A while back, I fought for a longer time to edit and it is mostly long enough now to fix typos. Don't expect to come backs days later and change the post. It is a bad idea to do that anyway. It messes up the threads and is poor posting to think you can. I think the way it is now is reasonably balanced between edits and breaking threads. Others may have their own opinion.
    Dwight

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    Quote Originally Posted by intabits View Post

    Thanks for the links, and the trouble you went to in putting them together.
    There's quite a bit of chasing down for me to do there!
    But having thought about it some more, It seems best to avoid using any of the above, as they all involve issues of compatibility between the Uniboard and whatever created the disks for it. And diagnosing where any problems come from could be difficult.
    I think the compatibility problems were why I wanted to go with the GoTek. You can build a track in whatever format you want and you are not worrying about the physicality of floppy disks. So is the head clean, is the media still usable and not shedding. Are there any bad caps on the drive etc. Once I had that working I figured I could add a real floppy as the second drive and make some actual disks...
    Dave
    G4UGM

    Looking for Analog Computers, Drum Plotters, and Graphics Terminals

  9. #9

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    Quote Originally Posted by Dwight Elvey View Post
    You have some time to make changes.
    To the body of the post, yes, but not to the title of the first post in the thread.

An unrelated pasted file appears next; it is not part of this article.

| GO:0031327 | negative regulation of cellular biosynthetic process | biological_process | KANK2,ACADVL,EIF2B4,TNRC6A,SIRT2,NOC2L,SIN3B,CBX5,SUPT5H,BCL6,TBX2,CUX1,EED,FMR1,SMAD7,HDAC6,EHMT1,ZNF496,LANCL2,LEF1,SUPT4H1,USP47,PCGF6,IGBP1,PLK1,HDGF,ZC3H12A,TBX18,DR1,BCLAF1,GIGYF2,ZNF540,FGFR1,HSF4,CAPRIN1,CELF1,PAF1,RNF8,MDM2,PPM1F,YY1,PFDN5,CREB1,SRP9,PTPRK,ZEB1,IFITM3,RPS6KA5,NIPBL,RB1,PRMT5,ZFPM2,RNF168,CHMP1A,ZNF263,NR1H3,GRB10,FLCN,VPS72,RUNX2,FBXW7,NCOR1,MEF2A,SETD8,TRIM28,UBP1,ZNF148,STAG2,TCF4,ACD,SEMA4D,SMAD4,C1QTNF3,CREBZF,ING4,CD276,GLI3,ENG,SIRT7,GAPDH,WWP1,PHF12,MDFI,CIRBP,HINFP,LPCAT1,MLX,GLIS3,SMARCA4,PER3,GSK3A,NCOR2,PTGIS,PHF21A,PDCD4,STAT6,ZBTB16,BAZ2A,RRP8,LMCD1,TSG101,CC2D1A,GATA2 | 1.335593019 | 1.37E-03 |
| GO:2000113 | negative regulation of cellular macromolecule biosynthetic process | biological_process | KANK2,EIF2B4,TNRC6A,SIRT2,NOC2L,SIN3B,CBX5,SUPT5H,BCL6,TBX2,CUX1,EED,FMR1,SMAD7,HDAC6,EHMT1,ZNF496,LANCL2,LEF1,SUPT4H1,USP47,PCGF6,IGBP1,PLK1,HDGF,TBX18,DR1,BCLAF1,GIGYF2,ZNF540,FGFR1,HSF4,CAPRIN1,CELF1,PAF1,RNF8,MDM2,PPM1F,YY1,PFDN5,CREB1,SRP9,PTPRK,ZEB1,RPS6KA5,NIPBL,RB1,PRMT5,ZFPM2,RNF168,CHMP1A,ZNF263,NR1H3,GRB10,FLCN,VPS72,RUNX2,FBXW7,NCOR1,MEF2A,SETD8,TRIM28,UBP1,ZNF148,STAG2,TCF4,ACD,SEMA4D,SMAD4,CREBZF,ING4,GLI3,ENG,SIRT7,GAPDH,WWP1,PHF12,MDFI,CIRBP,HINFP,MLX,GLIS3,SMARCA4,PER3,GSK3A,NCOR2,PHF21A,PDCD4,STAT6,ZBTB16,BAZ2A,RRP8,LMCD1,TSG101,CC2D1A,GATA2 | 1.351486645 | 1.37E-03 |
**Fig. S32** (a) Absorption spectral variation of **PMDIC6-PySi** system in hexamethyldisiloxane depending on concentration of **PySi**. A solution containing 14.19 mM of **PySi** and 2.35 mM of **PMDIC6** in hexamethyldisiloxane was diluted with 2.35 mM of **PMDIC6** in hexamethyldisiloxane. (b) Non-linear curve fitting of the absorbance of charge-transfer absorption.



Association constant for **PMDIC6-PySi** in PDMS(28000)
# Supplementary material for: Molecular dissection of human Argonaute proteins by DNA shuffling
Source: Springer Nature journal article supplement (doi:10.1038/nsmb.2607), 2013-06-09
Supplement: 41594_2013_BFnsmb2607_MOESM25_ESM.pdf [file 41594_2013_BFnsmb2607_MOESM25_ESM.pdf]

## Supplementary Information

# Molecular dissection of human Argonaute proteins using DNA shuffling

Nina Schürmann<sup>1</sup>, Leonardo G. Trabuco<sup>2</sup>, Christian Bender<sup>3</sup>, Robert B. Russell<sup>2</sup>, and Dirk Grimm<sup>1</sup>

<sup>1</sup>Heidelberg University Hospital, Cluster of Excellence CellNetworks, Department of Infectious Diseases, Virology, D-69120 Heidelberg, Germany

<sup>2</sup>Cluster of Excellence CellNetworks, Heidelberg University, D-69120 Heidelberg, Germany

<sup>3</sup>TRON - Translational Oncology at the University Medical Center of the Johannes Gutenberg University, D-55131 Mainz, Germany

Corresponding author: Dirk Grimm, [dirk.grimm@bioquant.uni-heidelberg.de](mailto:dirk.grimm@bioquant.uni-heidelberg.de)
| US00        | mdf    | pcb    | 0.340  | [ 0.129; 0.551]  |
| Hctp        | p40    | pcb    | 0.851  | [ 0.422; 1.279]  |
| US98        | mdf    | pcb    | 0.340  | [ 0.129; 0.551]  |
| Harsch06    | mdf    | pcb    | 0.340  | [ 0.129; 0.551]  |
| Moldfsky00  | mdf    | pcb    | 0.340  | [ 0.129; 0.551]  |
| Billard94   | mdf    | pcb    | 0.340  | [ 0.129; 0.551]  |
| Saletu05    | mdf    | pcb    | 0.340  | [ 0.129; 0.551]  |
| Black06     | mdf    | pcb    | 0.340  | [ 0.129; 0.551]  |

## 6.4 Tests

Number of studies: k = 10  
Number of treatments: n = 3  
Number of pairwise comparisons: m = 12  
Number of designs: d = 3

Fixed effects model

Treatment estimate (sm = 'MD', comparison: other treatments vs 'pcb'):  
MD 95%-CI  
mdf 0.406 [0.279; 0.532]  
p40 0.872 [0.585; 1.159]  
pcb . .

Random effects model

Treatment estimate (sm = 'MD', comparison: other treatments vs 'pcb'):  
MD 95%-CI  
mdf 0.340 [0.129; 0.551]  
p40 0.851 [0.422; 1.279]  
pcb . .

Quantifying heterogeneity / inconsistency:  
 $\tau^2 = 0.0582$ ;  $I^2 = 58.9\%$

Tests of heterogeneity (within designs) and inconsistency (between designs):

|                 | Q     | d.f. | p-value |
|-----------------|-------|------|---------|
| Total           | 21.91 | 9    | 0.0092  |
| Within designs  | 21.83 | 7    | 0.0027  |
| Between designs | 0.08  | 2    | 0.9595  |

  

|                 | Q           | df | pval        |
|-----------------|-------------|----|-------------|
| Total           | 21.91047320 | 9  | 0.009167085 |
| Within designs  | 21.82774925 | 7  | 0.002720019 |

PM me if you're looking for 3" or 5" floppy disks. EMail For everything else, Take Another Step

  10. #10
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    Quote Originally Posted by intabits View Post
    Obviously, I'll need to get the Flex disk images onto physical disks, and with just a small amount of research so far, nothing has jumped out at me on how to accomplish this.
    If, as you imply above, you already have a disk image in some format then the problem reduces to writing a disk image to a piece of 5.25 inch floppy media and that is very much a solved problem - particularly if you are dealing with Western Digital formats.

    If you are not averse to help then there are people in Victoria who would be happy to write the image to floppy for you and then you can focus on making sure the interface works. 5.25 inch drives and cables are not impossible to find. Given the era of the controller it probably used a 360K (40 track) or 720K (80 track) drive (not a 1.2MB high density drive) and I would be looking for one of those to reduce as many variables as possible.

    You might consider coming along to the next vintage computing get together which is scheduled for March in Bundoora for some fellowship and support.

    P.S. If you don't have the Flex "image" but need to create it then then is more work to do but even without that you could get to the point where the onboard monitor tries to read the disk even if it doesn't (yet) have the appropriate data on it.